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The UN climate talks in Copenhagen avoided a total collapse by skirting bitter opposition from several nations to a deal championed by the US and five emerging economies.
UN chief Ban Ki-moon calls the deal an "essential beginning"
"The conference decides to take note of the Copenhagen Accord of December 18, 2009," the chairman of the plenary session of the UN Framework Convention on Climate Change (UNFCCC) declared on Saturday, swiftly banging down his gavel.
After bitter exchanges through the night, the summit chair reportedly forced through the deal using a procedural tool that effectively dropped all obstacles to the Copenhagen Accord.
According to the decision, countries in favor and against the deal would be listed. Under conference rules, decisions by the 193 participating countries are made by consensus.
The summit stopped far from a full endorsement of the plan, which sets a target of limiting global warming to a maximum two degree Celsius rise over pre-industrial times and holds out the prospect of $100 billion in annual aid from 2020 for developing nations.
However, the plan does not specify greenhouse gas cuts needed to achieve the two Celsius goal that is seen as a threshold for dangerous changes such as more floods, droughts, mudslides, sandstorms and rising seas.
Ban praises deal
United Nations Secretary-General Ban Ki-moon praised the deal struck at the summit, while admitting that it did not meet expectations.
"It may not be everything we hoped for, but this decision of the Conference of Parties is an essential beginning," Ban told reporters.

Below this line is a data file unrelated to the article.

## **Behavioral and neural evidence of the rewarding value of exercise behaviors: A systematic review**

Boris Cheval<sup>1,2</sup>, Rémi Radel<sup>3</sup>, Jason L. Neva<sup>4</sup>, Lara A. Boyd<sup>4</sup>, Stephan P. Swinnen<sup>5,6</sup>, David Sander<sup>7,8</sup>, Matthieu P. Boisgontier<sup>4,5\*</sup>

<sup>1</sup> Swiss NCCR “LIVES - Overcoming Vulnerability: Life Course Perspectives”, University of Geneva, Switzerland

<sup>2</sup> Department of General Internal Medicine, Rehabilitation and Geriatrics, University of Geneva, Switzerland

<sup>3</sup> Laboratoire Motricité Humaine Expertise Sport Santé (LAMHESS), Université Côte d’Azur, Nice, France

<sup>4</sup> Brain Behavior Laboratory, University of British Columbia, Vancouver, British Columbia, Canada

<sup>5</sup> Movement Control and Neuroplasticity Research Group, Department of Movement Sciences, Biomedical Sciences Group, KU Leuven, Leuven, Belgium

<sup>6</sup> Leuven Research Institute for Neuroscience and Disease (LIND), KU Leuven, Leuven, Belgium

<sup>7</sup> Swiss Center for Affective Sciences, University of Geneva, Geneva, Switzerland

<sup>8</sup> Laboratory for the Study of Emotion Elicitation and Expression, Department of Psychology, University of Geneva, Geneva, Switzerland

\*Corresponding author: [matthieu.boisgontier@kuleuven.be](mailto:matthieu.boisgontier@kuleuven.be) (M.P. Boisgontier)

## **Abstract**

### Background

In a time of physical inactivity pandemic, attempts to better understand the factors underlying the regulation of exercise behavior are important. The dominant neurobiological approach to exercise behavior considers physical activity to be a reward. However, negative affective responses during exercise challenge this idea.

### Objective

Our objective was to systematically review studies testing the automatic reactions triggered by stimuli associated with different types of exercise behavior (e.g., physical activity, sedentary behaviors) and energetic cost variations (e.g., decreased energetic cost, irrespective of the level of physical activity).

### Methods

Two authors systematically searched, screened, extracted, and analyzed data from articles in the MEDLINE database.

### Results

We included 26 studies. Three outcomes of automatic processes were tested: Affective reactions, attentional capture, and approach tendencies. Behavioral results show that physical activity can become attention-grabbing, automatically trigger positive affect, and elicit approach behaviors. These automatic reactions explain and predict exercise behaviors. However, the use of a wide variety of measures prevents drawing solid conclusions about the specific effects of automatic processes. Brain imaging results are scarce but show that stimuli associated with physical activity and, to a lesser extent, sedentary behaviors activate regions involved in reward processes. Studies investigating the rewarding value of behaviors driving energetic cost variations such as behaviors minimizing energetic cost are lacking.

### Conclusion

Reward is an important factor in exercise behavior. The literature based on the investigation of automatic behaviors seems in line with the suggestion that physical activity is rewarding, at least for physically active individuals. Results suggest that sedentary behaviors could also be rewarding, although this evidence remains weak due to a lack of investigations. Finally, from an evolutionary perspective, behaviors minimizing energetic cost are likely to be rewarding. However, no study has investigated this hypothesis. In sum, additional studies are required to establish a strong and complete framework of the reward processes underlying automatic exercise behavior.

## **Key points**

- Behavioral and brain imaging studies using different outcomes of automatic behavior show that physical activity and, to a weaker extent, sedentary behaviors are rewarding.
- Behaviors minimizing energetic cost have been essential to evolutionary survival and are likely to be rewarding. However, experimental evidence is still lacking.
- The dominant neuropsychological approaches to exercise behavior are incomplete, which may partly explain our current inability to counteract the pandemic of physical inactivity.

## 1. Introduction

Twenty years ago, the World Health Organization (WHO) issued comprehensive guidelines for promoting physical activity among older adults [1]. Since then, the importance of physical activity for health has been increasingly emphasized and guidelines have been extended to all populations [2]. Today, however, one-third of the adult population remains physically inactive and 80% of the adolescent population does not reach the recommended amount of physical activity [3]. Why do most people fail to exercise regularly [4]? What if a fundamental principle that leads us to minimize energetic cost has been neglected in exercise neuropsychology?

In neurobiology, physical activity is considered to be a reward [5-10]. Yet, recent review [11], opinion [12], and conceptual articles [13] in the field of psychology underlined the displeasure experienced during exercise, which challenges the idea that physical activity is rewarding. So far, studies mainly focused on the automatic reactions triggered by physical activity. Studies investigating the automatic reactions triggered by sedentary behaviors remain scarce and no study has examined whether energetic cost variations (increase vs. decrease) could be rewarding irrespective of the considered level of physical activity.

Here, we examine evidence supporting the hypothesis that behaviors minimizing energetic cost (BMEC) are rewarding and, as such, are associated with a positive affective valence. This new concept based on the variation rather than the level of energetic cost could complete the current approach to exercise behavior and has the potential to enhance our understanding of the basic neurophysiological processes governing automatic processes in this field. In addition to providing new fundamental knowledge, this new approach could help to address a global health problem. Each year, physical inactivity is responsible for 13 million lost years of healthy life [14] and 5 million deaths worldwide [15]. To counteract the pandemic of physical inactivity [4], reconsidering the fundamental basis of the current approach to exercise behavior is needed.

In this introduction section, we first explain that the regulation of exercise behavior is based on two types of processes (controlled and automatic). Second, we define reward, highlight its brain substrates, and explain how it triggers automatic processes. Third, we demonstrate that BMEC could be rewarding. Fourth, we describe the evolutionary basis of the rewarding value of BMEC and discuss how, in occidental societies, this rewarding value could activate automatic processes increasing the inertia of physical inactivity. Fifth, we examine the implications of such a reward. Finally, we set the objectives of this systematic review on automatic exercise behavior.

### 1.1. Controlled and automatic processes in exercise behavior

Activists have slammed the results of the talks as "abject failure"
The UN chief said that the Copenhagen Accord would be "immediately operational" as of January 1, adding: "We will try to have a legally binding treaty as soon as possible in 2010."
Critics point out that the decision at the 193-nation talks merely "took note" of the new accord, a non-binding deal for combating global warming led by the United States, China, India, Brazil and South Africa.
However, some experts say the move, which came a day after the climate negotiations were scheduled to end, clears the way for the accord to become operational in practice even though it has not been formally approved by the conference.
Brink of collapse
Earlier, during a stormy overnight session, the talks were on the brink of collapse after Sudan, Nicaragua, Cuba, Venezuela and Bolivia lined up to denounce the US-led plan following a meeting of about 120 world leaders on Friday.
The all-night plenary session, chaired by Danish Prime Minister Lars Lokke Rasmussen, hit a low point when a Sudanese delegate said the plan in Africa would be like the Holocaust.
The outcome may yield the initiative in forming world climate policy to the United States and China, the world's top two emitters of greenhouse gases.
Many nations said the deal fell far short of UN ambitions for Copenhagen, meant as a turning point to push the world economy towards renewable energies such as hydro, solar and wind power and away from fossil fuels.
European nations were lukewarm to a deal that cut out some goals mentioned previously in draft texts, such as a target of halving world greenhouse gas emissions by 2050.
The Copenhagen deal sets an end-January 2010 deadline for all nations to submit plans for curbs on emissions to the United Nations.
Editor: Andreas Illmer